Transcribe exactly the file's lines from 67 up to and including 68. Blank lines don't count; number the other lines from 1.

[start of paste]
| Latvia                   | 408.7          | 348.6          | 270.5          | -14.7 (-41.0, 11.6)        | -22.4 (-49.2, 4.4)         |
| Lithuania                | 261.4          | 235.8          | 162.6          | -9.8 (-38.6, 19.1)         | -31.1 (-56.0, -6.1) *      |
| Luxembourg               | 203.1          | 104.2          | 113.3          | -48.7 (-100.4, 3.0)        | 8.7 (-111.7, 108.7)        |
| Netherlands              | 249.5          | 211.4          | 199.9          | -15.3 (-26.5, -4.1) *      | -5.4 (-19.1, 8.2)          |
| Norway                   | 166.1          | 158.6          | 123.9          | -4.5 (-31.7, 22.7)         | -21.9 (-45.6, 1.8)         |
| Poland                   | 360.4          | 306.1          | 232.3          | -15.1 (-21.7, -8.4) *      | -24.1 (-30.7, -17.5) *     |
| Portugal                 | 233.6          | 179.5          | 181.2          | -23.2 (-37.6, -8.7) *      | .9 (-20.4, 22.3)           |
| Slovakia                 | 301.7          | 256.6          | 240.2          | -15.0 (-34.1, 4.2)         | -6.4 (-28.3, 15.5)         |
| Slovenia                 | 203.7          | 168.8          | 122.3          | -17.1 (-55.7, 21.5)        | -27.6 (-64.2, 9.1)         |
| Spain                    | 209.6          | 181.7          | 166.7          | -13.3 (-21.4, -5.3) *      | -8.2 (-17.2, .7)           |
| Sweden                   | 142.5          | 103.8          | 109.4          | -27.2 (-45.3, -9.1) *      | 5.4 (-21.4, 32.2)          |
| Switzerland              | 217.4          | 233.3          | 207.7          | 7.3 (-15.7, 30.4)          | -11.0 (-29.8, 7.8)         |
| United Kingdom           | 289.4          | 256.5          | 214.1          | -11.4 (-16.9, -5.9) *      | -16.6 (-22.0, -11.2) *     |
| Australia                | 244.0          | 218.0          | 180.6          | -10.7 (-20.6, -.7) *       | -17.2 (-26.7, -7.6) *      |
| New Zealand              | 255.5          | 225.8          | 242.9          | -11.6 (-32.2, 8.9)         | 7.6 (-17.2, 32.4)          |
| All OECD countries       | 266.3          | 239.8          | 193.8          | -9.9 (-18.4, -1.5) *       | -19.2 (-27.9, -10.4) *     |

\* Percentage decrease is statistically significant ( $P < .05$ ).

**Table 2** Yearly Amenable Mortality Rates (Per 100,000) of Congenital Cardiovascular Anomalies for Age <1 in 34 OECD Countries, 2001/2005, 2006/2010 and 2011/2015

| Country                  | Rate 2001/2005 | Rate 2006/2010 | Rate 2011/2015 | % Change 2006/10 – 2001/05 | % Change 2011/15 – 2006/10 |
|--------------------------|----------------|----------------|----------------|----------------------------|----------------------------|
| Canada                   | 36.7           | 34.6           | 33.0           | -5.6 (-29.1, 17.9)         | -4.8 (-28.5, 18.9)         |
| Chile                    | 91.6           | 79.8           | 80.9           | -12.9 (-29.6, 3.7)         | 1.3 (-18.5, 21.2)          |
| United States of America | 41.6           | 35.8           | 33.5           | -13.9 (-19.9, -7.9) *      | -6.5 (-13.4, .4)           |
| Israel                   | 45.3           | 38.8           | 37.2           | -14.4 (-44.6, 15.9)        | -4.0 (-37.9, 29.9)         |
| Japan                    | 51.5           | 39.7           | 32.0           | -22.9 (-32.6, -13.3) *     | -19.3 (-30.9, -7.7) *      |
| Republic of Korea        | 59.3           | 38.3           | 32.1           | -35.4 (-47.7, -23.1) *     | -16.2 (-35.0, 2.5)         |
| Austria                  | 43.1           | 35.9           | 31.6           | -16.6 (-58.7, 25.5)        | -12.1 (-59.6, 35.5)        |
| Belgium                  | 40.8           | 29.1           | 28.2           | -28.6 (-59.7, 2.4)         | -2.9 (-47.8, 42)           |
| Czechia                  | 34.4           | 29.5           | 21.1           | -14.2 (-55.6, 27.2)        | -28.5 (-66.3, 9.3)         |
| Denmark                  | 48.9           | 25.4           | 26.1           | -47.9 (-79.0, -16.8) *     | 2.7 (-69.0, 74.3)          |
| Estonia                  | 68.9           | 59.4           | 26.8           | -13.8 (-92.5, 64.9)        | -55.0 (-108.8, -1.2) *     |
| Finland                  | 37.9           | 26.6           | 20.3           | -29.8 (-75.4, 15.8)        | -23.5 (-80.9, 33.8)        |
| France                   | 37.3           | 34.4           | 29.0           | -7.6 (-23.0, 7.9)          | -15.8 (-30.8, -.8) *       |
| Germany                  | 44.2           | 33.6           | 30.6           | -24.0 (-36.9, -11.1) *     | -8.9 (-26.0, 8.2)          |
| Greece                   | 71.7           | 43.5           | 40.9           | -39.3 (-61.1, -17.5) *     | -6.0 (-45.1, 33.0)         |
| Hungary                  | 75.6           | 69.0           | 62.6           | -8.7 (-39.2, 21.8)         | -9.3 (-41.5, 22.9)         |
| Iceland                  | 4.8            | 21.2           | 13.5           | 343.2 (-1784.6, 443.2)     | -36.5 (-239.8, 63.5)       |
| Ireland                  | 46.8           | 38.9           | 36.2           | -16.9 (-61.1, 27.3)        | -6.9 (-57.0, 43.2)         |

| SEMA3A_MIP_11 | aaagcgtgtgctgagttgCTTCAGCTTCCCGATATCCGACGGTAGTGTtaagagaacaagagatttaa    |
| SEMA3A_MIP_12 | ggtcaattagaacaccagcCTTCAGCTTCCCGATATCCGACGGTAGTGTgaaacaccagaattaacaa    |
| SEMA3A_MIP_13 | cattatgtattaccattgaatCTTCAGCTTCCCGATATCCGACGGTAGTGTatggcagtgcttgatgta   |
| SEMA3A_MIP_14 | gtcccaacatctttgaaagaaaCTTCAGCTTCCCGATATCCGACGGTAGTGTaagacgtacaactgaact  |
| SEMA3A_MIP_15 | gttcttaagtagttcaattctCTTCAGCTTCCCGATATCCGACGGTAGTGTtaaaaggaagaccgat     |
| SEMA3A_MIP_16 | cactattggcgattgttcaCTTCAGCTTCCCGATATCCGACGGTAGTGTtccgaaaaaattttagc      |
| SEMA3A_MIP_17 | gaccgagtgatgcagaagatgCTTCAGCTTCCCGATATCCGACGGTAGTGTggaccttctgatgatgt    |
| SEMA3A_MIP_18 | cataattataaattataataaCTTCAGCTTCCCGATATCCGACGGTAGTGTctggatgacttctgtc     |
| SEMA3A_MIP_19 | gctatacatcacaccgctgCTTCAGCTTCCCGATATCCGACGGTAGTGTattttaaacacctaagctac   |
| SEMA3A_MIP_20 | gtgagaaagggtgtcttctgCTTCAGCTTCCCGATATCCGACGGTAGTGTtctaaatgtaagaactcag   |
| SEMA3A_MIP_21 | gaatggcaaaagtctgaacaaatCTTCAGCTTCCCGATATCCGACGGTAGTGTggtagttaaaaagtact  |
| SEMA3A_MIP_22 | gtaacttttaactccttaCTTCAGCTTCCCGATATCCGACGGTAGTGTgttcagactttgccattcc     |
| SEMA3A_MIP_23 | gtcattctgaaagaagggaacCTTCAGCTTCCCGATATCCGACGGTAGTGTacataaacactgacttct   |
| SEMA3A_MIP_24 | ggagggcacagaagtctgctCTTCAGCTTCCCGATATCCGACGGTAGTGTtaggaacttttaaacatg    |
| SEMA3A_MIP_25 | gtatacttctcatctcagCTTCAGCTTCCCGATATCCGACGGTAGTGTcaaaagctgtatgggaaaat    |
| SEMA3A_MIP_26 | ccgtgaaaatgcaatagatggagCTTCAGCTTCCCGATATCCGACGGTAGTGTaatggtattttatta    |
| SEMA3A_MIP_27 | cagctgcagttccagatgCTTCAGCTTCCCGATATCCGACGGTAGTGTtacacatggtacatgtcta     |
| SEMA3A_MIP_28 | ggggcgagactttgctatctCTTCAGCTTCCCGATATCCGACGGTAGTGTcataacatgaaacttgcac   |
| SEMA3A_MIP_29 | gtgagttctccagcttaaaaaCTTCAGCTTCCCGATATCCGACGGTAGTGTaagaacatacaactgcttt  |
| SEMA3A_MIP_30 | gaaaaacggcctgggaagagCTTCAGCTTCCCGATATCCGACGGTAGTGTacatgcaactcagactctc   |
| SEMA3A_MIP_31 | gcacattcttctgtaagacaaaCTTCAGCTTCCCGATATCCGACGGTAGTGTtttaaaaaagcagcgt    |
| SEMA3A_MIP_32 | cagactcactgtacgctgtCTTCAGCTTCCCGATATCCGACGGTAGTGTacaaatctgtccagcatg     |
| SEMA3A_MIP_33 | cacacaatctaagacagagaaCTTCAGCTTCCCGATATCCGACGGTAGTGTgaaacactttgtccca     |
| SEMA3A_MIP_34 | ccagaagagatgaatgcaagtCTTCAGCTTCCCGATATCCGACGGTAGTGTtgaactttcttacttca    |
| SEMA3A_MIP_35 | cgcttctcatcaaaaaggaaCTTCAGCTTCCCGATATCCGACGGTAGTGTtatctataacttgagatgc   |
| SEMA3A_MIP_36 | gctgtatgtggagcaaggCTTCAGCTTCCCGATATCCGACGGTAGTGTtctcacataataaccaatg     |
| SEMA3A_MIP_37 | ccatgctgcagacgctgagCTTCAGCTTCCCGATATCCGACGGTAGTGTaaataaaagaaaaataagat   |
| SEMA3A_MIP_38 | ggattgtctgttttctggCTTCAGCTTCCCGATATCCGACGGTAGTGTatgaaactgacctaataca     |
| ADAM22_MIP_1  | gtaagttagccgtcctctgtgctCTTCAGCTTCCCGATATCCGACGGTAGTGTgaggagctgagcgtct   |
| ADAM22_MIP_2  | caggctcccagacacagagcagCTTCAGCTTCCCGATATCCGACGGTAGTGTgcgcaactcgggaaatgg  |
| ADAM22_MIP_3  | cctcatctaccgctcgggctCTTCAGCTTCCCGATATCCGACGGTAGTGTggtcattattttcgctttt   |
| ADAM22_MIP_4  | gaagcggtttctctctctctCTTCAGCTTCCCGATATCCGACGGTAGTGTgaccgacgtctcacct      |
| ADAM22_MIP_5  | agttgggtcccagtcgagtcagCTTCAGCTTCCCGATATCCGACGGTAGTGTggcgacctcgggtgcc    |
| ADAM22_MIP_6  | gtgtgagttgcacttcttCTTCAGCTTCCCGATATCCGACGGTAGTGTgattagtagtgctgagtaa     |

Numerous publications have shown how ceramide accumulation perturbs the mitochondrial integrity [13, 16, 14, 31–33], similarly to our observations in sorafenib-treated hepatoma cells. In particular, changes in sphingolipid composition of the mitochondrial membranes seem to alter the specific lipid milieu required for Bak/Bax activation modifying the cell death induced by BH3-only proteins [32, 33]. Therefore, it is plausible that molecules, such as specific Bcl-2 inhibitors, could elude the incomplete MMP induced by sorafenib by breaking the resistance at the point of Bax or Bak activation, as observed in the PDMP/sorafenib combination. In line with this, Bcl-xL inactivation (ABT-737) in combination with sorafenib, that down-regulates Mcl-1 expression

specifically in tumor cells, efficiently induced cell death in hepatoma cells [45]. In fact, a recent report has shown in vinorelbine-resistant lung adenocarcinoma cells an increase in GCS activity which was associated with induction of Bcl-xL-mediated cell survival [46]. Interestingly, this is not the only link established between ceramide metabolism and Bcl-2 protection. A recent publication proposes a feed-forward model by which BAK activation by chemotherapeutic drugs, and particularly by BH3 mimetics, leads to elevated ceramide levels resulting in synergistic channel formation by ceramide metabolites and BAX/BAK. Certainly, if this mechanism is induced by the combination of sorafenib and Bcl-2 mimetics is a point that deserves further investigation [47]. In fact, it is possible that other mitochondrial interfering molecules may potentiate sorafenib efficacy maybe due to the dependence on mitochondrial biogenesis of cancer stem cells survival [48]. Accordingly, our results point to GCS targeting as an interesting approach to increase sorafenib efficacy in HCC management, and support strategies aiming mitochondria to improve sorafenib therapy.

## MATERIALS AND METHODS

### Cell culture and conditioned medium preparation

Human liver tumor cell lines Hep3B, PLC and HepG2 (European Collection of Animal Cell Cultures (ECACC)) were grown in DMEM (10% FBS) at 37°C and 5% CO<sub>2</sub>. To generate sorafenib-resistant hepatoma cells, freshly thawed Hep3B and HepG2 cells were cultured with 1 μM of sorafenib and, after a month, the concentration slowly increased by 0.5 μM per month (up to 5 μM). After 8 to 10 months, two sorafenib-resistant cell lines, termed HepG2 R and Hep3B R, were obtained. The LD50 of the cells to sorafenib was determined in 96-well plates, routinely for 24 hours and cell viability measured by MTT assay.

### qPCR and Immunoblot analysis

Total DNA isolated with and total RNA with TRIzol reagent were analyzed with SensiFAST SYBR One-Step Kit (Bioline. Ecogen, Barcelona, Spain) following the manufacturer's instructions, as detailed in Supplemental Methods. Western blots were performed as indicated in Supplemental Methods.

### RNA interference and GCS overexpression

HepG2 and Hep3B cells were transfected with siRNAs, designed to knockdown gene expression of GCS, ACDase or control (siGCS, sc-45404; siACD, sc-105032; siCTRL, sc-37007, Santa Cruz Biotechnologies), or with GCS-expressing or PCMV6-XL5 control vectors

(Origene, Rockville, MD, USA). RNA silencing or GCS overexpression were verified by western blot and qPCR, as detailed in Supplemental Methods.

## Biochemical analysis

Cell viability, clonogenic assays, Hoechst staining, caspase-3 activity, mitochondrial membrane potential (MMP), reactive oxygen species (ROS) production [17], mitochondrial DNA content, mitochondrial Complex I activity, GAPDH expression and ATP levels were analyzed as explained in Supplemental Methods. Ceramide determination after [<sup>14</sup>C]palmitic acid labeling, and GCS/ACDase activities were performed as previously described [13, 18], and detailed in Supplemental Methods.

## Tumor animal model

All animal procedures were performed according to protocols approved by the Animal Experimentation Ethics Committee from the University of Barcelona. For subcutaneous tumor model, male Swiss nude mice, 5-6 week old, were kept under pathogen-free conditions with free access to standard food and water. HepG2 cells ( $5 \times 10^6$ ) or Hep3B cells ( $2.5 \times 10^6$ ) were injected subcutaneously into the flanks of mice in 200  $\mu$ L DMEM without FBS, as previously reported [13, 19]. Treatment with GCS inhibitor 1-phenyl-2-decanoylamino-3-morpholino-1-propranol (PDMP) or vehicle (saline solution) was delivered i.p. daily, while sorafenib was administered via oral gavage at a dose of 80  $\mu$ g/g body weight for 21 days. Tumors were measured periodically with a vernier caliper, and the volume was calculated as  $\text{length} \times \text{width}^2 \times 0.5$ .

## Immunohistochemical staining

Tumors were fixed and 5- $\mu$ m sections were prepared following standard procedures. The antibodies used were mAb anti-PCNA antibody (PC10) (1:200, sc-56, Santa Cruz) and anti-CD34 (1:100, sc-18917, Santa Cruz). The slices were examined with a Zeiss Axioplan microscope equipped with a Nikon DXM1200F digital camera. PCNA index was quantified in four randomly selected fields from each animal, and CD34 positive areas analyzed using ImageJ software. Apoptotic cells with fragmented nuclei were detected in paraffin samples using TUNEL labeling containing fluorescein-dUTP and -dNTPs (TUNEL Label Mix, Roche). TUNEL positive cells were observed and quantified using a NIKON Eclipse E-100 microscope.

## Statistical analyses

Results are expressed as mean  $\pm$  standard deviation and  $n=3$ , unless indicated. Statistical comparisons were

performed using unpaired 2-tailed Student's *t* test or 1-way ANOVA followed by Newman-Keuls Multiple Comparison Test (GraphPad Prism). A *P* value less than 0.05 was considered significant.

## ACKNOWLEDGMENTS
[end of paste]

| ADAM22_MIP_1  | gtaagttagccgtcctctgtgctCTTCAGCTTCCCGATATCCGACGGTAGTGTgaggagctgagcgtct   |
| ADAM22_MIP_2  | caggctcccagacacagagcagCTTCAGCTTCCCGATATCCGACGGTAGTGTgcgcaactcgggaaatgg  |